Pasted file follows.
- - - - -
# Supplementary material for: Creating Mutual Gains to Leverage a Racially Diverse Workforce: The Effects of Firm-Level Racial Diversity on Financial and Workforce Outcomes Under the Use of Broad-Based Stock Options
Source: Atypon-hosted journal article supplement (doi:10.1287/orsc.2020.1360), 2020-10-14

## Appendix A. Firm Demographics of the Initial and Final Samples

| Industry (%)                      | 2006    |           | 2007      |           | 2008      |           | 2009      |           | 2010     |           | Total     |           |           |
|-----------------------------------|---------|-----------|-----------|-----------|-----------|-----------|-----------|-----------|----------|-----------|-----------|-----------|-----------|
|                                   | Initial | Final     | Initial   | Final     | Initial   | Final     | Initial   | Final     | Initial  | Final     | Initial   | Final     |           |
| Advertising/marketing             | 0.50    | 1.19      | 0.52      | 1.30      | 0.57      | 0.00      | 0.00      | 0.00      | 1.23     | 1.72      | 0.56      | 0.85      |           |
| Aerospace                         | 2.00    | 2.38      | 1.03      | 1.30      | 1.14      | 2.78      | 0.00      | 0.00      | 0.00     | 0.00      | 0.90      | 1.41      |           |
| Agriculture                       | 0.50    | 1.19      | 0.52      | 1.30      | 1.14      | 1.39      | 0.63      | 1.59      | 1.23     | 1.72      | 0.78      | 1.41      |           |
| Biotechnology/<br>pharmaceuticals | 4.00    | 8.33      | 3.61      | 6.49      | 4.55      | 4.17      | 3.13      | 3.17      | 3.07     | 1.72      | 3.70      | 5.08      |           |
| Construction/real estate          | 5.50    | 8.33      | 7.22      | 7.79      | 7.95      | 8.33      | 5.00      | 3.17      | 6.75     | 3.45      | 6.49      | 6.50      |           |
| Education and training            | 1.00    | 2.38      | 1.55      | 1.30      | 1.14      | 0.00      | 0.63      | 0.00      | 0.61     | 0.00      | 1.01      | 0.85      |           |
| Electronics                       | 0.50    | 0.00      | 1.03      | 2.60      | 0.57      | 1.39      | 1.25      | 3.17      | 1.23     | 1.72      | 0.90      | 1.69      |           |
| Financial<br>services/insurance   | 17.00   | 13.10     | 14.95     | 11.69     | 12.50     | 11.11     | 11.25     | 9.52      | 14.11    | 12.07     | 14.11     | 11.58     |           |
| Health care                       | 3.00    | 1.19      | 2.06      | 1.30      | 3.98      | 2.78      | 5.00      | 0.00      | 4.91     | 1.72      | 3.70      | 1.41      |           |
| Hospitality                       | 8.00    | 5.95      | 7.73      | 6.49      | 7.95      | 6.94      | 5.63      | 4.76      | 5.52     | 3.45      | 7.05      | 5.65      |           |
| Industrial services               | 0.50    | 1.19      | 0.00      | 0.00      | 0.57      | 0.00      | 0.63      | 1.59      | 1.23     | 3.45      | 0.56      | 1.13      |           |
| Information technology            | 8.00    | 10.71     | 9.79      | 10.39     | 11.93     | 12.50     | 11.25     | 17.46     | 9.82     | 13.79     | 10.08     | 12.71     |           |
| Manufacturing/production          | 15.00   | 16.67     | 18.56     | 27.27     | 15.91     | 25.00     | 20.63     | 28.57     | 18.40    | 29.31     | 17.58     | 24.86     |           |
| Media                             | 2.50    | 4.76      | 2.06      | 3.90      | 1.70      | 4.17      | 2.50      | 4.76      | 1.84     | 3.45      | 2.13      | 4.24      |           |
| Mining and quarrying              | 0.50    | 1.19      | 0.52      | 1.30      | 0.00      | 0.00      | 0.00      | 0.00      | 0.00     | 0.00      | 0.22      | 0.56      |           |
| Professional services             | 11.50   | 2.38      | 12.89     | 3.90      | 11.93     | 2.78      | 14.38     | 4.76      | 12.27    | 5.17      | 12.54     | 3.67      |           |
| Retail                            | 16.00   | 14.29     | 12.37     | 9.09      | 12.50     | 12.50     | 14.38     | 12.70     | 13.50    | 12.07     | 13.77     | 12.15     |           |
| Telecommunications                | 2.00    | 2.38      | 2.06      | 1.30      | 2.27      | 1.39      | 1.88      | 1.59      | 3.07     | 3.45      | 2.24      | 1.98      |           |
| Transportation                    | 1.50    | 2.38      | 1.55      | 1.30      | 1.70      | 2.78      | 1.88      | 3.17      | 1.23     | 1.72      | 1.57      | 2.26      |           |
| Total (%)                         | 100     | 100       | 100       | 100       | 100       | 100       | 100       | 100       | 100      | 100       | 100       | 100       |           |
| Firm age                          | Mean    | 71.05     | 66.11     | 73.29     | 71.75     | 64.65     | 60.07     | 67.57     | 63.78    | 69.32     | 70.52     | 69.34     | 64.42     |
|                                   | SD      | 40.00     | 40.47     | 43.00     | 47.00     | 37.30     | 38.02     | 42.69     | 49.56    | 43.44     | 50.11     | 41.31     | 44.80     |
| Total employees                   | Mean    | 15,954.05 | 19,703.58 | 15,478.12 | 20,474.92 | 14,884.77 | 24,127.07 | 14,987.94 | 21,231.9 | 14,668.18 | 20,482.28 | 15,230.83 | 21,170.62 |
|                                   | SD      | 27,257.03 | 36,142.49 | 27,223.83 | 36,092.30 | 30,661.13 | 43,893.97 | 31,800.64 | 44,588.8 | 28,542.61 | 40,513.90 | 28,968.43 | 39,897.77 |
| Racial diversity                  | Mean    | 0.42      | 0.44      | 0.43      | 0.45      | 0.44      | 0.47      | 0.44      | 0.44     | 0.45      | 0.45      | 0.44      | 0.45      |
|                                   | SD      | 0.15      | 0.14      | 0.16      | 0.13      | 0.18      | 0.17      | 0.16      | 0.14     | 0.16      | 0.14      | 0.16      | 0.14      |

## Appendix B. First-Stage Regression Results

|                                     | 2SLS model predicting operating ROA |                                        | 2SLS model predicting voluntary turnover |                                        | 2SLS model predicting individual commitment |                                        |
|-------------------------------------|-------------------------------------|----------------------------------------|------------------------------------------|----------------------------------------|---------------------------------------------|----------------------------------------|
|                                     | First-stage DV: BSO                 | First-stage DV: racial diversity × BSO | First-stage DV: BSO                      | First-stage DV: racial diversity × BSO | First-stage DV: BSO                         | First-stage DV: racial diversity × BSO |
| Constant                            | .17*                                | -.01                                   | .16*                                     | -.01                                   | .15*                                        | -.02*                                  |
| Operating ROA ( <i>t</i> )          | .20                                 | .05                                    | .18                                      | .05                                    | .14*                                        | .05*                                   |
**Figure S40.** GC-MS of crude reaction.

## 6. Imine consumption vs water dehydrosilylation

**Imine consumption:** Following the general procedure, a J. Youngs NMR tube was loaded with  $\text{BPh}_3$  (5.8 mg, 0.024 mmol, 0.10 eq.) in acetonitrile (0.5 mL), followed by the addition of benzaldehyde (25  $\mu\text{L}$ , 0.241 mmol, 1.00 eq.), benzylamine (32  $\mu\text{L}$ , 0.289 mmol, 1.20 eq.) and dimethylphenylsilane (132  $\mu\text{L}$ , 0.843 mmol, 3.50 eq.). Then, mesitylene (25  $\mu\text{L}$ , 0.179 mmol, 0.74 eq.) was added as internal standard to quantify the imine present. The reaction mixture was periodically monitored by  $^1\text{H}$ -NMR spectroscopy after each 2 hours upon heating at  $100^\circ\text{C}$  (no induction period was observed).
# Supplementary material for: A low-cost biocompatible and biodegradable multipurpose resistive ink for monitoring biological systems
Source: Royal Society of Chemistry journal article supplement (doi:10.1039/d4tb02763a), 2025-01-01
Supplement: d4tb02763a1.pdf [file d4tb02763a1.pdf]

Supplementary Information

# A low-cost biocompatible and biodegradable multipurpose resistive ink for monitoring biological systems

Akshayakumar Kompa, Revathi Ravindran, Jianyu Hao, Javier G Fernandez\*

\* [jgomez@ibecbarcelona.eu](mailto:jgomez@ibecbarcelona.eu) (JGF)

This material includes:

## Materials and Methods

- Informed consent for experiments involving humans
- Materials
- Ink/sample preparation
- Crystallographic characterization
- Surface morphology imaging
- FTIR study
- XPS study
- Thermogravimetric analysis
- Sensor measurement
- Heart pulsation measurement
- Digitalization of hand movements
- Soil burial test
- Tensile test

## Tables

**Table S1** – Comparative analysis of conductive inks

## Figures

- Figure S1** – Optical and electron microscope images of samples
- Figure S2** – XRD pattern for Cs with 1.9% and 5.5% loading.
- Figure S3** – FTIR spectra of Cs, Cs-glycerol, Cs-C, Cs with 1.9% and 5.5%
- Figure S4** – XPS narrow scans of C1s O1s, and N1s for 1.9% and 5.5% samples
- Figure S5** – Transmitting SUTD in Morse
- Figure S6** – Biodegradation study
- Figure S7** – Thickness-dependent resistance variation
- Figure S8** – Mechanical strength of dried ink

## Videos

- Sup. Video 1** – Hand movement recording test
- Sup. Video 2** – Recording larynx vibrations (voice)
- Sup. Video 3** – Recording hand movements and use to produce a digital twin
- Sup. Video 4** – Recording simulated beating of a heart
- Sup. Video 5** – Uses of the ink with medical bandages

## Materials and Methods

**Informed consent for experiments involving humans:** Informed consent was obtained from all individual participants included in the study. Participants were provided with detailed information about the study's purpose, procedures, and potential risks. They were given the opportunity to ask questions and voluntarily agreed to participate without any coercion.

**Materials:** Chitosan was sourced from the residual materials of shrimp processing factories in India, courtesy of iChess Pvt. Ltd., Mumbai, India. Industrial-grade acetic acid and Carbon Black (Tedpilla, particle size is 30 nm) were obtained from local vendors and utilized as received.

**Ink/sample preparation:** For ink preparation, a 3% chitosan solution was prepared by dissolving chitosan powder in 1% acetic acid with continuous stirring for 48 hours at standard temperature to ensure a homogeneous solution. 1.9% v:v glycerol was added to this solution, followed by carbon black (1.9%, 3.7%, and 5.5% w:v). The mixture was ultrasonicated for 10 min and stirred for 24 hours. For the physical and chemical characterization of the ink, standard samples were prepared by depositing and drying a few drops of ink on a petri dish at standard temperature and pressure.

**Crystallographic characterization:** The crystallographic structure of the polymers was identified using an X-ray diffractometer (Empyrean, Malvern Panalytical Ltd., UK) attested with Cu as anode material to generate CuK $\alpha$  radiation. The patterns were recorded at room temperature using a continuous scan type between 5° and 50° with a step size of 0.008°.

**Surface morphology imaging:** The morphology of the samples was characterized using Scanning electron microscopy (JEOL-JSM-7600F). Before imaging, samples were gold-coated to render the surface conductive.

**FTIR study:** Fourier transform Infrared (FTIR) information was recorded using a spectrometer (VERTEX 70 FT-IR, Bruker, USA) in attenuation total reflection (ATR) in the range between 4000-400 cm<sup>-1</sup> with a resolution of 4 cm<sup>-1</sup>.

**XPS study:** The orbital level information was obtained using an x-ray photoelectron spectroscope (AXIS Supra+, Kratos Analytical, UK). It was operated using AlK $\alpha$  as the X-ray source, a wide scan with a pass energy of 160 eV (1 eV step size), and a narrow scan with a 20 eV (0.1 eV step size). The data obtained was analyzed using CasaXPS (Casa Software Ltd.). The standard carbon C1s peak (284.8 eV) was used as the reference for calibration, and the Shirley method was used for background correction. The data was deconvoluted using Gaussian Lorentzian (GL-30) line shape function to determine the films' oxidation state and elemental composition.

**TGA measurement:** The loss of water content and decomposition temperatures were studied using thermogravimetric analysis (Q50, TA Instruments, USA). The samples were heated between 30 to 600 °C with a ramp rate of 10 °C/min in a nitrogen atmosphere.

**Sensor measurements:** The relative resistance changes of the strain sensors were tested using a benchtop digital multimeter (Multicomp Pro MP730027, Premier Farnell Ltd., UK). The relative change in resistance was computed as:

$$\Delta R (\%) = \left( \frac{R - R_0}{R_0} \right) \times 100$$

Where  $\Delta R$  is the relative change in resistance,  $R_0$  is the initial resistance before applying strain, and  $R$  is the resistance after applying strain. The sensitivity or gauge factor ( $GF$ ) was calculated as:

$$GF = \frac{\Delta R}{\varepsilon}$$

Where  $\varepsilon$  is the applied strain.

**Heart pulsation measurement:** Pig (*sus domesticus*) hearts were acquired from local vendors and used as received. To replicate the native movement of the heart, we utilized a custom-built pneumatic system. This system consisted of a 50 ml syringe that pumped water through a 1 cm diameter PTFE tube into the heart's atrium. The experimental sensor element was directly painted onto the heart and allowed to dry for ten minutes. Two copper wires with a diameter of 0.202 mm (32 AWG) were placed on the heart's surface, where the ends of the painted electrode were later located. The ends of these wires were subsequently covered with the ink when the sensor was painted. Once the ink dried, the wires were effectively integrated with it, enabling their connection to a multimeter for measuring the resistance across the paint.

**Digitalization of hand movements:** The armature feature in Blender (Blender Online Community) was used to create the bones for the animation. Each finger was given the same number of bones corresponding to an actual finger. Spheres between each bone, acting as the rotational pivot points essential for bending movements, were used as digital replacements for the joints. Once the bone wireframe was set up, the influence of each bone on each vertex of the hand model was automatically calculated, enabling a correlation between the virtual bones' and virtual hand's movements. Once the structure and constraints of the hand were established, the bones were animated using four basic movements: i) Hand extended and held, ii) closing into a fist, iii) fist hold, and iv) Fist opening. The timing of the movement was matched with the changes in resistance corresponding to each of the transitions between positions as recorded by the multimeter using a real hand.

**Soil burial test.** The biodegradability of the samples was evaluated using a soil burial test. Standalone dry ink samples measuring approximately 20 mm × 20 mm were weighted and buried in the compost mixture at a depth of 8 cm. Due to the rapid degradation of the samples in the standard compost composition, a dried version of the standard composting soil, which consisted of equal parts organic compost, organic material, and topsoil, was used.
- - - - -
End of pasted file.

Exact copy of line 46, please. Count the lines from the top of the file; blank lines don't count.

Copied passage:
# A low-cost biocompatible and biodegradable multipurpose resistive ink for monitoring biological systems